Impact: Paradigm shifts in our understanding of the formation of continents have contemporary implications for the study of climate records and the future of the resource sector

Wandering continents back to the dawn of time
Research led by UOW’s Associate Professor Allen Nutman pushes the first recognised extensive continent back to the very start of the geological record – with evidence of a single continent the research team named ‘Itsaqia’ that formed by 3600 million years ago.

This finding, published in 2015 in the American Journal of Science, is a stunning example of the geological principle ‘uniformitarianism’: natural processes that we see operating on Earth today resemble those operating in Earth’s Deep Time.

The evidence and concept of this earliest continent grew out of decades of research by A/Professor Nutman and colleagues at ANU and in the United Kingdom.

The history of all the oldest fragments of Earth’s crust had to be appraised and compared – meaning large amounts of time spent on field work in localities scattered around the globe, including Greenland, Canada and China, coupled with substantial laboratory studies ascertaining the absolute ages of Earth’s most ancient rocks by uranium-lead isotopic dating of zircons, extracted from these rocks.

Decades of work have pieced together evidence that the continent Itsaqia had formed by 3600 million years ago, but soon after started to split apart.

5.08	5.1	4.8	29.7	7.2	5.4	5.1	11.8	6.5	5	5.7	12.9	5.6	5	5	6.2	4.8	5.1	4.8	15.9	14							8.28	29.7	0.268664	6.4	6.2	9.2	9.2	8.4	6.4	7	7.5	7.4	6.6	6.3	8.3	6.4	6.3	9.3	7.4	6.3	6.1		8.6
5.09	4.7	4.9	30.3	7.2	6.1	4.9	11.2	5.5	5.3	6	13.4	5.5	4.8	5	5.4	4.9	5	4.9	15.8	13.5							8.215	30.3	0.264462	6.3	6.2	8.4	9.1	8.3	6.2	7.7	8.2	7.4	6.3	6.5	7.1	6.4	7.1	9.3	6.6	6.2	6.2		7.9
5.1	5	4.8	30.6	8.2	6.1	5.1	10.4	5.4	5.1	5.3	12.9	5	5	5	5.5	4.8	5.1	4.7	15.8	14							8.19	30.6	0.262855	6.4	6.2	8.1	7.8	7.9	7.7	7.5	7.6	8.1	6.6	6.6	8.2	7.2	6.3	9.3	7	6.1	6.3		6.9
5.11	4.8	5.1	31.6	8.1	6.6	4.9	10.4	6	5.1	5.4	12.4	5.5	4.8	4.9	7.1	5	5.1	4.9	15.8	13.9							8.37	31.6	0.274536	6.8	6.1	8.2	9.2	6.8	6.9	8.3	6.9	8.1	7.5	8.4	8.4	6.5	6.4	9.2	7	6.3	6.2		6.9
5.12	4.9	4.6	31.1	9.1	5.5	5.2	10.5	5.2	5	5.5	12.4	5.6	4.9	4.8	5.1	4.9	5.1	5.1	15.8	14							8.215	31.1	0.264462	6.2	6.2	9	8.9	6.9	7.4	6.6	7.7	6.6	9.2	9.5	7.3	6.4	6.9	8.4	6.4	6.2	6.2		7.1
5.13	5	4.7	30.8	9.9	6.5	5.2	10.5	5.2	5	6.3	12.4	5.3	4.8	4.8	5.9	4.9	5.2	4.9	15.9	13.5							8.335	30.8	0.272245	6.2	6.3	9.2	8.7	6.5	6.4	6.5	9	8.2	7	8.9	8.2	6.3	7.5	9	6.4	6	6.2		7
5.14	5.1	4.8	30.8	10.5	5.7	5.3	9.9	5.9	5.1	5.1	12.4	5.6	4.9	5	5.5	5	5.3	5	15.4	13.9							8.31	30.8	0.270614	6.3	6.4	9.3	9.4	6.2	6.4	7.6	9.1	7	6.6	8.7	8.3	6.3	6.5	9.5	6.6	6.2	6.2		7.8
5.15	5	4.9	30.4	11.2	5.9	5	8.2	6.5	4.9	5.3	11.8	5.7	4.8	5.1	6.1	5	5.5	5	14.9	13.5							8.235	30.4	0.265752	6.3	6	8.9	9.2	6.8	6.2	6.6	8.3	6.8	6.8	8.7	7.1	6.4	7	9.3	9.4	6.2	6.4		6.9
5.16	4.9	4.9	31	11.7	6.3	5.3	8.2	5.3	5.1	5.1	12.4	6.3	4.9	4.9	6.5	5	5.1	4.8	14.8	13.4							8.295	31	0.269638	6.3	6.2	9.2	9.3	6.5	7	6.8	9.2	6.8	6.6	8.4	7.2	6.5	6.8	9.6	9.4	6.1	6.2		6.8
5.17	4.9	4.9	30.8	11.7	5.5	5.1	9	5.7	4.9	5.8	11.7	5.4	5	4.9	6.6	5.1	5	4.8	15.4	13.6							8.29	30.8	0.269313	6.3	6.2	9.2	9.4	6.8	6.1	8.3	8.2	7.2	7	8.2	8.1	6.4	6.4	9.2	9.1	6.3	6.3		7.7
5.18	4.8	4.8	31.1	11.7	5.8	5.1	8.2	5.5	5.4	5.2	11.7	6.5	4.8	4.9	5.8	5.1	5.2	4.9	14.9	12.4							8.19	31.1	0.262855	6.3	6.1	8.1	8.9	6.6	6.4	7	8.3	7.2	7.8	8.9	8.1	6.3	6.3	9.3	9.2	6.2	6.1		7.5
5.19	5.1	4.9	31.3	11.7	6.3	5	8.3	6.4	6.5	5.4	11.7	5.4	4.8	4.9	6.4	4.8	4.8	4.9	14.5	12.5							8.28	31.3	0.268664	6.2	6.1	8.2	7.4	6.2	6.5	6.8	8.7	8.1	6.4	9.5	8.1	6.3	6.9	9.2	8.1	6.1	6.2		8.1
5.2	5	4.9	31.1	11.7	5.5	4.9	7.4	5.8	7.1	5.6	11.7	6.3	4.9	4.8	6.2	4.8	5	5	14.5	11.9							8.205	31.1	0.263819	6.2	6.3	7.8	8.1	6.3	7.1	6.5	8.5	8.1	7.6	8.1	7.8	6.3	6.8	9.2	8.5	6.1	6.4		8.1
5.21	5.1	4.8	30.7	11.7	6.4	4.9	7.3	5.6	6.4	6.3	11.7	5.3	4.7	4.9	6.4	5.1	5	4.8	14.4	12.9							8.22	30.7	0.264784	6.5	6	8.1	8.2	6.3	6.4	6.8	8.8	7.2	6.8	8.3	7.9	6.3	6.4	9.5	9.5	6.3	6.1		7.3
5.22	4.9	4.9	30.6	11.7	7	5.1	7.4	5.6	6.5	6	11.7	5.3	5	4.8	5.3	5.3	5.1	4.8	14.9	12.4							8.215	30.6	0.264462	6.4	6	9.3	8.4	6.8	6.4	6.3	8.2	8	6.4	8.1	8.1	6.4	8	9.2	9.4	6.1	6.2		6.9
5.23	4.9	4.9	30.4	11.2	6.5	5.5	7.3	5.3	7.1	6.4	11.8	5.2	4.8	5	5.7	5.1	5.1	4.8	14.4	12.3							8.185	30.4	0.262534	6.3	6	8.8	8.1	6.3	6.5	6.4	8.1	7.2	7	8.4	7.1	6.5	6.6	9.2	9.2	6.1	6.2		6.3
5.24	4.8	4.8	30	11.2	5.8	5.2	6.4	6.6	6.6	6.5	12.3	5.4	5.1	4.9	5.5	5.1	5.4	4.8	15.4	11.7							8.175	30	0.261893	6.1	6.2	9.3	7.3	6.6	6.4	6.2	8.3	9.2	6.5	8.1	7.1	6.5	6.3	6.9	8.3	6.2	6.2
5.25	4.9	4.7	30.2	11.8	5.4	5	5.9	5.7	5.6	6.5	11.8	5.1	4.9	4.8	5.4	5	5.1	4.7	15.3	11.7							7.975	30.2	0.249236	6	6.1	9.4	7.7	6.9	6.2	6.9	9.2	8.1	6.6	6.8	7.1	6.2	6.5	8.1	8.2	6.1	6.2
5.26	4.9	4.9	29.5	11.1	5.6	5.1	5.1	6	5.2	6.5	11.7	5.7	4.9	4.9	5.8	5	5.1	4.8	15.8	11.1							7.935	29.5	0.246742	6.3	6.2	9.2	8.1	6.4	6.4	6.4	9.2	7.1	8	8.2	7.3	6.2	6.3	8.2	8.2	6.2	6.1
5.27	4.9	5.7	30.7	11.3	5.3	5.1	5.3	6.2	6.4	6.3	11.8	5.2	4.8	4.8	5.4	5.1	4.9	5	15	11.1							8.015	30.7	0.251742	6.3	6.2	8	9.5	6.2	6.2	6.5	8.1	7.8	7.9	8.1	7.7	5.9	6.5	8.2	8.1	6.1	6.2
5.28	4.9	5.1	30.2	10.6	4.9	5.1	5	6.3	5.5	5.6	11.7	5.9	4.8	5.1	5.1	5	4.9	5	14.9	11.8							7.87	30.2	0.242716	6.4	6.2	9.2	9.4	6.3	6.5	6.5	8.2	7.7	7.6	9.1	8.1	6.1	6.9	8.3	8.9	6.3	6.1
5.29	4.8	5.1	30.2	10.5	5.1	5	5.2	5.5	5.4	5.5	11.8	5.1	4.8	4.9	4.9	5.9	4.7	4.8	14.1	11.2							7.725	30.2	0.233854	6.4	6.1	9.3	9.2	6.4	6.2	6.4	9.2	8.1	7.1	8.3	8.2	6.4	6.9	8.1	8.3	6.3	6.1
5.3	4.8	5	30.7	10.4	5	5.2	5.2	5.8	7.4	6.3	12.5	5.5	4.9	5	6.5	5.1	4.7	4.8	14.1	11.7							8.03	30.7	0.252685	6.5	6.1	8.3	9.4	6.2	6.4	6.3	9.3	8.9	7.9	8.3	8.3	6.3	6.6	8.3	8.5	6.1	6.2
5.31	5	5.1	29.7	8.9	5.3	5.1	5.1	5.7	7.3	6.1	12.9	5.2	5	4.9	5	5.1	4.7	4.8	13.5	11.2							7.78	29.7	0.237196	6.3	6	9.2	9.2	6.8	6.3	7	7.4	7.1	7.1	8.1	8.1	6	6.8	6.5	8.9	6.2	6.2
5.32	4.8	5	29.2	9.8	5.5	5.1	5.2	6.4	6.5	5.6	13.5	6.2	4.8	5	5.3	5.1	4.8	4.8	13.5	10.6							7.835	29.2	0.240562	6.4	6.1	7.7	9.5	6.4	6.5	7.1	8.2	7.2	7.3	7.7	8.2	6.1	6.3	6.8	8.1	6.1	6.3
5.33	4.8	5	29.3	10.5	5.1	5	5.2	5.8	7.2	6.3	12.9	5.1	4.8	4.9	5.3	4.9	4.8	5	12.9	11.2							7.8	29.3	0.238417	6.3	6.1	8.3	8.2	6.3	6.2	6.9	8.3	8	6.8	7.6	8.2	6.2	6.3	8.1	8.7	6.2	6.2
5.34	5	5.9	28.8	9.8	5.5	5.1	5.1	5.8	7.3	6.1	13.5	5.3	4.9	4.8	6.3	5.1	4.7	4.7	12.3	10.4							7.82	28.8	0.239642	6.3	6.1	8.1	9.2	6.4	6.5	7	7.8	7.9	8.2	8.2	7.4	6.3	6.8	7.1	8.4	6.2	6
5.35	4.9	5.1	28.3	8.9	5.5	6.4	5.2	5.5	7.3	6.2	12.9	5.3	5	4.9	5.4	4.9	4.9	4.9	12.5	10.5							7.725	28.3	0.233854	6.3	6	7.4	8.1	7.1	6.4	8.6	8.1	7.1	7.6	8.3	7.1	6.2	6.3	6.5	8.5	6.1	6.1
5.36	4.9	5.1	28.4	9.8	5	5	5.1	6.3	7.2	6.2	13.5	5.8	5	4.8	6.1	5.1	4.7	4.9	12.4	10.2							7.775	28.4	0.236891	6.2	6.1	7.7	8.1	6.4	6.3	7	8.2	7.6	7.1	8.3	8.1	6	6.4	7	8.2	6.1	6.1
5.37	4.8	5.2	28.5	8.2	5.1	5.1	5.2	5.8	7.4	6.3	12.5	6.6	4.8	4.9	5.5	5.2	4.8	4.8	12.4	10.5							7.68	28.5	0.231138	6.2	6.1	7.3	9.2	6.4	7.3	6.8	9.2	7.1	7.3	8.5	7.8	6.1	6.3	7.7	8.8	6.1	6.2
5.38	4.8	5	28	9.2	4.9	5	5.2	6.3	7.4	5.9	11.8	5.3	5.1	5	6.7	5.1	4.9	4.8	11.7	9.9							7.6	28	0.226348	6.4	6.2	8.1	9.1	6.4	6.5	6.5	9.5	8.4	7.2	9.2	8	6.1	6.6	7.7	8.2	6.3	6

The research team are now setting their sights on what the discovery of Itsaqia has for climate records. Major climate events can be related to the formation and destruction of ancient supercontinents: Earth’s severest ice ages were triggered by global cooling.

This happens when the atmosphere-warming gas CO2 is reduced in concentration by chemical reaction with the large exposed land surfaces of supercontinents.

Therefore this question must be examined: Did Itsaqia trigger Earth’s first ice age?

Revealing the mechanisms of continental growth

Convergent margins are the engine room of planet Earth; rejuvenating Earth’s surface via continued uplift and erosion creating dynamic landscapes that are the cornerstone of diversity of life.

Understanding the geological past of convergent margins has implications for both the resources sector – they are responsible for the formation of most of the world’s mineral and energy resources – as well as understanding Earth’s climate.

Continental growth patterns at convergent margins are characterised by distinct ‘quantum collision’ events interspersed with more classical steady-state accretion, according to research by Dr Sol Buckman, who uses traditional geological mapping combined with sophisticated radiometric dating techniques from mountains in Australia and across the globe to study continental growth.

The information he is revealing is incompatible with current tectonic models, which have largely remained unchanged and unchallenged since the advent of the plate tectonic revolution in the 1970s.

Further research by Professor Allen Nutman has also revealed a completely new observation of particular mineral inclusions in zircons, which may be utilised in mineral exploration.

The ‘quantum tectonic’ model co-authored by Dr Buckman in 2012 also has important implications for the exploration of copper and gold deposits.

It is paradigm shifts like these, in geological thinking and new exploration methods that ‘see’ deeper into the Earth, which are crucial to the future of resource exploration and exploitation in years to come.

    Wandering continents back to the dawn of time
    Professor Allen Nutman
  • ANU
    Dr Vickie Bennett
    Revealing the mechanisms of continental growth
    Dr Solomon Buckman
    Professor Allen Nutman
    Many PhD and honours students
    Johnathan Aitchison
    Professor Yan Zhen